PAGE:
Unfortunately, though such treatment may resolve the hemorrhage, it will typically not get rid of the culprit blood vessel and associated polyp.

For that, surgical intervention is required.

One option is to precisely cut out the polyp and cauterize the feeding blood vessel at the same time. This approach was the course that Adele pursued. Watch a video on this approach (video shows a generic vocal cord mass removal, but the approach is identical).

The other option is use of a laser first to extinguish blood vessels present which may also significantly resolve the polyp followed by excision of the residual polyp at a later date. This latter approach is typically what I recommend. Why? It is relatively non-invasive and I feel the risk of scarring to be less compared with excision and vessel obliteration with a laser at the same time (though not zero). Furthermore, a smaller polyp also means a smaller wound that needs to heal.

Shown at end of this blog article is a video of a vascular polyp being obliterated using a pulsed-dye laser (courtesy of Dr. Chandra Marie-Ivey). Another type of laser that may be used is a KTP laser. Read more about laser treatment of vocal cord pathology here.

Regardless of how or in what order the surgery is performed, strict voice rest is mandatory for a period of time post-operatively. For Adele, that was strict voice rest for nearly two months (Nov and Dec 2011). Why? Because with talking or any other vocal activity, the vocal cords come together. After surgical removal of a polyp, there is a raw surface present which won't heal as well if the other vocal cord is banging against it. Talking after vocal cord surgery is analogous to jogging right after foot surgery.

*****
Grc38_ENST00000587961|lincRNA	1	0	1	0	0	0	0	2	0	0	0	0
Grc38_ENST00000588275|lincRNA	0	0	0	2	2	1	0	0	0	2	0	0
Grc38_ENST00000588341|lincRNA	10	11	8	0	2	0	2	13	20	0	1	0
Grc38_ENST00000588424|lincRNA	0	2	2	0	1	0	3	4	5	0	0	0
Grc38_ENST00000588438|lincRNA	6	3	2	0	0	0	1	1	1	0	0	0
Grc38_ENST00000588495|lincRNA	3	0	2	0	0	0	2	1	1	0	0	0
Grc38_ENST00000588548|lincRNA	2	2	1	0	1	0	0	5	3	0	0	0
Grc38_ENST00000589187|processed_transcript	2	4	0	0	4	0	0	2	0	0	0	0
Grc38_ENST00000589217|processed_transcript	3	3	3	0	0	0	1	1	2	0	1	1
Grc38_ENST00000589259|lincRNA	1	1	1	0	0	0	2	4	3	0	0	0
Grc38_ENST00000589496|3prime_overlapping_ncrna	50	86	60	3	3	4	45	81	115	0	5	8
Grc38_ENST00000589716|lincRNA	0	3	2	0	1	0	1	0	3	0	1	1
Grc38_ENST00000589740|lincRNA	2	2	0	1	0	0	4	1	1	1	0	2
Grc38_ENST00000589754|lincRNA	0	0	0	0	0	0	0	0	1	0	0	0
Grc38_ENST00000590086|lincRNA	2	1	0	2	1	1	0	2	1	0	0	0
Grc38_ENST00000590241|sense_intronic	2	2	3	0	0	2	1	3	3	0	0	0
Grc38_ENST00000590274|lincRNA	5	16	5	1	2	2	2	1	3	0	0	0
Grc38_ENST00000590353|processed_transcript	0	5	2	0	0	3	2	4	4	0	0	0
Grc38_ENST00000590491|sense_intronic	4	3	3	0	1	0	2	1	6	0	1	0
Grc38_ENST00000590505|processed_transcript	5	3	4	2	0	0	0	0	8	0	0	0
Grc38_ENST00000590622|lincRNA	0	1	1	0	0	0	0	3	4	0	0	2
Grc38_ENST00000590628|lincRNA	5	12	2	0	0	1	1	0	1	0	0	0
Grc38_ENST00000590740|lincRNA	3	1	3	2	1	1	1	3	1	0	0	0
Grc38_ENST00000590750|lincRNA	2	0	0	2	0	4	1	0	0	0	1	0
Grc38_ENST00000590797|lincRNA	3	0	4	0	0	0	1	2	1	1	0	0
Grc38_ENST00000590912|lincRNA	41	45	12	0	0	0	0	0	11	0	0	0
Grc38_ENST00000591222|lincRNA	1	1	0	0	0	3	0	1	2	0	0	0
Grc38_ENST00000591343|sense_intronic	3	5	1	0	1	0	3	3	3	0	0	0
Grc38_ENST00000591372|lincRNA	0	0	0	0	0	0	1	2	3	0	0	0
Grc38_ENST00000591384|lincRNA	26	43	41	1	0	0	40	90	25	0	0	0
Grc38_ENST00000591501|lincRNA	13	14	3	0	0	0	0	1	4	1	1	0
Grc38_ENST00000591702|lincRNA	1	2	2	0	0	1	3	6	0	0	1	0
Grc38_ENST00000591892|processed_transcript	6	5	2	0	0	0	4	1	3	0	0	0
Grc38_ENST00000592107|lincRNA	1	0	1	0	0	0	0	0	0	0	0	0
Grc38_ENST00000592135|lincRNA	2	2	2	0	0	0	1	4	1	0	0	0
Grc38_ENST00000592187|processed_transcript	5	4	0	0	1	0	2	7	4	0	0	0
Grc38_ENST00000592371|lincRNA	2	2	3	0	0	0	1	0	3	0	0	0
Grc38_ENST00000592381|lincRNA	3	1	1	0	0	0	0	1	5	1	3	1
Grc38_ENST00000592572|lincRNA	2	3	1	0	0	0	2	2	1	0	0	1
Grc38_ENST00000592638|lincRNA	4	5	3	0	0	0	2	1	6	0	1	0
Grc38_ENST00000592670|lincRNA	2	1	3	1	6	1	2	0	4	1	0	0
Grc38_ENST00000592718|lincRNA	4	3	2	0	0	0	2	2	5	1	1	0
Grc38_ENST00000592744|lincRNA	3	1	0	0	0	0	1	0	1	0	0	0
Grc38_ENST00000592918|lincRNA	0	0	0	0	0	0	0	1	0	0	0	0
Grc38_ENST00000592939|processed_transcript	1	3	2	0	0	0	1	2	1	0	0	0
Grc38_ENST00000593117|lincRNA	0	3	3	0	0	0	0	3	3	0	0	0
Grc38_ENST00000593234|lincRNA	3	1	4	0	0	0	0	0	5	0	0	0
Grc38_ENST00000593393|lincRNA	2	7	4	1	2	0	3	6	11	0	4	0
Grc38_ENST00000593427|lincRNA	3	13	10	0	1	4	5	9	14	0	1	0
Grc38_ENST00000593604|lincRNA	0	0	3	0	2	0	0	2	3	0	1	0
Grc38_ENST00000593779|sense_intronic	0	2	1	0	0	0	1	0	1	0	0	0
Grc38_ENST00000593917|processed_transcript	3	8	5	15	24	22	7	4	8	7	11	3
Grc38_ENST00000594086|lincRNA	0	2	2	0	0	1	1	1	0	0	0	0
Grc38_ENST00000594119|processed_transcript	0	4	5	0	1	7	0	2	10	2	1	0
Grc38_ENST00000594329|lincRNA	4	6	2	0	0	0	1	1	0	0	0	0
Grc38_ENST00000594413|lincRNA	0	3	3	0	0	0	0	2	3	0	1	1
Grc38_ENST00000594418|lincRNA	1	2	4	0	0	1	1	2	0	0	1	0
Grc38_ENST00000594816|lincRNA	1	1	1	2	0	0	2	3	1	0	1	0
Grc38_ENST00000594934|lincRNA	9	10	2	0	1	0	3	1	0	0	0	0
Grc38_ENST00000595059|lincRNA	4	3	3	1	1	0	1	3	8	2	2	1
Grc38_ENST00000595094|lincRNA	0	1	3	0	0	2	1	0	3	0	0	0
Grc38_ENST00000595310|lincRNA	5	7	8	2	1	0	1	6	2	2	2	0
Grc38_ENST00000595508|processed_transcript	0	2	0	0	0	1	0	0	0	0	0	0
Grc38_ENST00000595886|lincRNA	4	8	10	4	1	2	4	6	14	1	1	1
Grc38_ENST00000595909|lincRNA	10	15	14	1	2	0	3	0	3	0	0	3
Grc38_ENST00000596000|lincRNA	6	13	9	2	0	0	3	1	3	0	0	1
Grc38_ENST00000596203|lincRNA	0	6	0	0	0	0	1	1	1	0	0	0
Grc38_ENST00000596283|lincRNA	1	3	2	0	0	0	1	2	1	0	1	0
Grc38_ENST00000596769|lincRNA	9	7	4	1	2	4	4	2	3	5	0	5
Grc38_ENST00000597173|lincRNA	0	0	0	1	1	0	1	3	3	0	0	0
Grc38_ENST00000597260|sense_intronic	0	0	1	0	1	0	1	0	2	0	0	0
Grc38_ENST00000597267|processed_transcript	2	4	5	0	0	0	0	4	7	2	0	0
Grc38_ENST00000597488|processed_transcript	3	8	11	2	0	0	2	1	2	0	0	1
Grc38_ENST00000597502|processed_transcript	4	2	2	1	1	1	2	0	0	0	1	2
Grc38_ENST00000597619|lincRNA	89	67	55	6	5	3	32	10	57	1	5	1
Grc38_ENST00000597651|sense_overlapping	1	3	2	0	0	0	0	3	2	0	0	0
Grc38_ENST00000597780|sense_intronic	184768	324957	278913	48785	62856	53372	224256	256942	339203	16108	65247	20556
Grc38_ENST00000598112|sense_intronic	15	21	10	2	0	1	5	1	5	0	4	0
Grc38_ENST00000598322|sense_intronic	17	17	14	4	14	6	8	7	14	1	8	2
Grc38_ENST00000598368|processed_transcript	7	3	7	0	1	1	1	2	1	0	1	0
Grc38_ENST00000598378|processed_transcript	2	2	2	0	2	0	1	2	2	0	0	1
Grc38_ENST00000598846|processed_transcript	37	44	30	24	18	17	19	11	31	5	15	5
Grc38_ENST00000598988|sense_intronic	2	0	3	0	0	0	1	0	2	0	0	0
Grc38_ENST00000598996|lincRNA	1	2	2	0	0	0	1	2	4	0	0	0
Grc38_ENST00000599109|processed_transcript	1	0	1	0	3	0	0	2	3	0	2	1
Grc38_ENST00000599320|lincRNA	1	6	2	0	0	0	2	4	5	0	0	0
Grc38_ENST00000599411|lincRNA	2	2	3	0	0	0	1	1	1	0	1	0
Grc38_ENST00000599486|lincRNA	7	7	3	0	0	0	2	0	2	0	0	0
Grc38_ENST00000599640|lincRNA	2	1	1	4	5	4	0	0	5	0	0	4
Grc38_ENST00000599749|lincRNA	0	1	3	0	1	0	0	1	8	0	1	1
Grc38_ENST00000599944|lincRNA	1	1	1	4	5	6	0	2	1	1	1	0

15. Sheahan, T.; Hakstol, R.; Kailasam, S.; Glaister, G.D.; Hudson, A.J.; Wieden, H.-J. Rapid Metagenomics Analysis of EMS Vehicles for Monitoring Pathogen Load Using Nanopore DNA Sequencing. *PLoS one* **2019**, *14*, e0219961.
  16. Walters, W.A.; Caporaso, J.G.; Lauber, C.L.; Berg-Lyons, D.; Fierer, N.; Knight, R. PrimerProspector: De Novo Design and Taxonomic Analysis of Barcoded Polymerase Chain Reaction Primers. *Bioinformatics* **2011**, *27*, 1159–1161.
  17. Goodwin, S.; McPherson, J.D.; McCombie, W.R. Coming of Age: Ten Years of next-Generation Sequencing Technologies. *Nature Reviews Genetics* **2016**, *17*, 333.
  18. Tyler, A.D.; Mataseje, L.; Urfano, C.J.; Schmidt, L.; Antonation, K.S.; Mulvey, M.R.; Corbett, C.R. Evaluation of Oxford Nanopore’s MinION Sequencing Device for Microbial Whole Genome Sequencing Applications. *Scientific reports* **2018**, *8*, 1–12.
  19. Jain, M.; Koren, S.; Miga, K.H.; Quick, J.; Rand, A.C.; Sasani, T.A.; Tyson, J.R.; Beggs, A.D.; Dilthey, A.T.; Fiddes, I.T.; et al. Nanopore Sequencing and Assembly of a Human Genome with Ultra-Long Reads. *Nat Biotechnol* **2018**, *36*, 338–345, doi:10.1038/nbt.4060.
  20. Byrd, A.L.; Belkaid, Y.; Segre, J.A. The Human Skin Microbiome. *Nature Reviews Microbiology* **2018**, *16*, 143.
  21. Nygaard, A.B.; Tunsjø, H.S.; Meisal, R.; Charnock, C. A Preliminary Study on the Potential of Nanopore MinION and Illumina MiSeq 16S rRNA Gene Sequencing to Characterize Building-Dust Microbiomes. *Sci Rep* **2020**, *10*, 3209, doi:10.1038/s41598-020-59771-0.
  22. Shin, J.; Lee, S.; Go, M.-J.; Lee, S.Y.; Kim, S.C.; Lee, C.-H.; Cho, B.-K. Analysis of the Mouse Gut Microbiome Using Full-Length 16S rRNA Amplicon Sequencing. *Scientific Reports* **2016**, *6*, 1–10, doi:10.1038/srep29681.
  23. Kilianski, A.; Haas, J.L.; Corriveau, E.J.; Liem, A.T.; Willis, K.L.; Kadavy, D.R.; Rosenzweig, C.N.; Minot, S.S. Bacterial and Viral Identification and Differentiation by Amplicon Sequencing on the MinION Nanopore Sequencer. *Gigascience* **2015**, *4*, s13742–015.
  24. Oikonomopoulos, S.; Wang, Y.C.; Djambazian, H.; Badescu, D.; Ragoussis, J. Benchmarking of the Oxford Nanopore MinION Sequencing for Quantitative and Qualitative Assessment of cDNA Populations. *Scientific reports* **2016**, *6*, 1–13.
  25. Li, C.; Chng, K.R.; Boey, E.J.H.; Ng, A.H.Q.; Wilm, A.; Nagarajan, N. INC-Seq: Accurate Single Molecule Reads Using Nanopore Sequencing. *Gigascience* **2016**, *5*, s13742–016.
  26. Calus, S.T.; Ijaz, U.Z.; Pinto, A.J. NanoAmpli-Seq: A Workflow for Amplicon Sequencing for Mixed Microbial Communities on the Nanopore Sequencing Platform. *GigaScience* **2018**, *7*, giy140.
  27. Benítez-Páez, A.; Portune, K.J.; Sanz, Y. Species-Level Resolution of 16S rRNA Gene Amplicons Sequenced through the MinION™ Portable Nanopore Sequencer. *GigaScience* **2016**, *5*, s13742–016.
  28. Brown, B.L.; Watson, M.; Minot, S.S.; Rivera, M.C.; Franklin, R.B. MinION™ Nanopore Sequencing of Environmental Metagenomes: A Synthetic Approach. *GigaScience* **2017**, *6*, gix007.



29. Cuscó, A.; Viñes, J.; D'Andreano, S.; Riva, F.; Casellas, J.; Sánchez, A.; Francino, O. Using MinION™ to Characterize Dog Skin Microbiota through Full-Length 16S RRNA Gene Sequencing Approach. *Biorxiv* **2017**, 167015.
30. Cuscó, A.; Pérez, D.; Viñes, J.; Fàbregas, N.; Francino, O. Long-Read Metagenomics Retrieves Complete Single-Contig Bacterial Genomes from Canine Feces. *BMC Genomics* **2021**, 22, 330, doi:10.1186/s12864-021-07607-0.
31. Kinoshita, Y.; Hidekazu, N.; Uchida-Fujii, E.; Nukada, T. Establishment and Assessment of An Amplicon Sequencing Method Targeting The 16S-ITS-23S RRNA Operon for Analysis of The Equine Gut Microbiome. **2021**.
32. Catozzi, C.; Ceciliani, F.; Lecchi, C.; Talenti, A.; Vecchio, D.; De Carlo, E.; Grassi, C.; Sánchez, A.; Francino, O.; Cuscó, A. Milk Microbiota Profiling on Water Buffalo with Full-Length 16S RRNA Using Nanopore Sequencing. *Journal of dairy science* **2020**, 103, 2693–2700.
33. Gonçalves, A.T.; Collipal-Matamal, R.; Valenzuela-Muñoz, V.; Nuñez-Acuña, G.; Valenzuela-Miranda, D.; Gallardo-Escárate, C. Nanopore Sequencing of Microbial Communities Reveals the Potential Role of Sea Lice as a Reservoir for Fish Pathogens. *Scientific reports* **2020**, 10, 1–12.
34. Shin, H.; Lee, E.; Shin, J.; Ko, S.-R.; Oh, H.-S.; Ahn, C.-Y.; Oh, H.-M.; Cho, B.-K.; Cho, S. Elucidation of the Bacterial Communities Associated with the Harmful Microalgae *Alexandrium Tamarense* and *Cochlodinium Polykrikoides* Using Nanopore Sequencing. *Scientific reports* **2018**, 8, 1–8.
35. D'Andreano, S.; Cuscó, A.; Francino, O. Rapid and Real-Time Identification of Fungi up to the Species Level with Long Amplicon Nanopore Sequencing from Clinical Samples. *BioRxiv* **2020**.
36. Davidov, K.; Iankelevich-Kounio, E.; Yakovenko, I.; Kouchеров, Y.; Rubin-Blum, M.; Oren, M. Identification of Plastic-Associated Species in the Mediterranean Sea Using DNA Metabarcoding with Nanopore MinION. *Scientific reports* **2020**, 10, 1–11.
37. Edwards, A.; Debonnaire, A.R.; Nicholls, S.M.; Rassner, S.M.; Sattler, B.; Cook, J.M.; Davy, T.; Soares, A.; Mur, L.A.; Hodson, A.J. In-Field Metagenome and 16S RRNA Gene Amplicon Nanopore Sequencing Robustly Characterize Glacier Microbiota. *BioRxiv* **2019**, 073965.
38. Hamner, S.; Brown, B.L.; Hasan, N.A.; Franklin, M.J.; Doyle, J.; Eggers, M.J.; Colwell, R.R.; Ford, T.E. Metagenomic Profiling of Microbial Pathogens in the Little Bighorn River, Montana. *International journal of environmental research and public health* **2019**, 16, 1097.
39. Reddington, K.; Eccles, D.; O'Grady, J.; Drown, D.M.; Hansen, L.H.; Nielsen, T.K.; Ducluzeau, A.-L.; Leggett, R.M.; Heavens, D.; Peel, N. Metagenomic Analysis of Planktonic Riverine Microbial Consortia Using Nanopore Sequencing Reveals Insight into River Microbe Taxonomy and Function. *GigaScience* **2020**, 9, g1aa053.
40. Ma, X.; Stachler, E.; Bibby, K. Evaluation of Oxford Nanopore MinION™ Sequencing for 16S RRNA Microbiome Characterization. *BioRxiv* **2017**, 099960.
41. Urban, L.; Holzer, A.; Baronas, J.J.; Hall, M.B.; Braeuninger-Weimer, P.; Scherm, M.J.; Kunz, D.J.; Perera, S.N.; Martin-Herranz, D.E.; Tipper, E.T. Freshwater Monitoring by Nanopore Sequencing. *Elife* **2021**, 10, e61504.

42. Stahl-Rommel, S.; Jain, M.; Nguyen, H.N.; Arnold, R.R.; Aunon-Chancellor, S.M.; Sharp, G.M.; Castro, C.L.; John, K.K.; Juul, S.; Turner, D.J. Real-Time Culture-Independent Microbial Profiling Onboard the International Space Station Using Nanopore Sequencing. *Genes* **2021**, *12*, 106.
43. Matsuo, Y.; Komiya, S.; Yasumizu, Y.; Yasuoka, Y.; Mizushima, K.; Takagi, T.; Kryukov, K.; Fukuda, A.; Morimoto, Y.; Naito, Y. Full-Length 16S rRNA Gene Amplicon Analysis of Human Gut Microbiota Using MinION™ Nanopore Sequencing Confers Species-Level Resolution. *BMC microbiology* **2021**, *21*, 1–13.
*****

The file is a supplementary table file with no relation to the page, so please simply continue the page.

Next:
The vocal cord surgical wound MUST heal prior to talking let alone singing for normal recovery. That means strict voice rest. Strict voice rest means no talking, no singing, no whispering, no mouthing words, no throat-clearing, no humming, etc.

Read more about vocal cord polyps here.

Read the 60 Minutes interview here.

Of note, she later went on to sing a stellar performance at the Grammy Awards debuting her new voice for the first time after her surgery.



Fauquier blog
Fauquier ENT

Dr. Christopher Chang is a private practice otolaryngology, head & neck surgeon specializing in the treatment of problems related to the ear, nose, and throat. Located in Warrenton, VA about 45 minutes west of Washington DC, he also provides inhalant allergy testing/treatment, hearing tests, and dispenses hearing aids. Google+ Christopher Chang, MD Bio

1 comment:

  1. I was happy when the e.n.t. said I could sing again someday. I had finally quit smoking just two weeks earlier and for the first time in nearly 8 years finally heard my singing voice. It sounded like hell but it still existed. I realize after some crazy research tonight that I will be lucky if this is not cancerous. That my whole life is going to go upside down before I'm going to be able to really belt out a good long concert. I was prepared and ready quit smoking cigarettes. Let's just say I live in Colorado... I am constantly speaking. And am about to (finally) start a new job with a great company (as a cashier!) I have read many articles apparently candy coated to the gills. I was So happy the Dr said she could fix me I never asked how she was going to do it. Damn dude... I'm really scared now.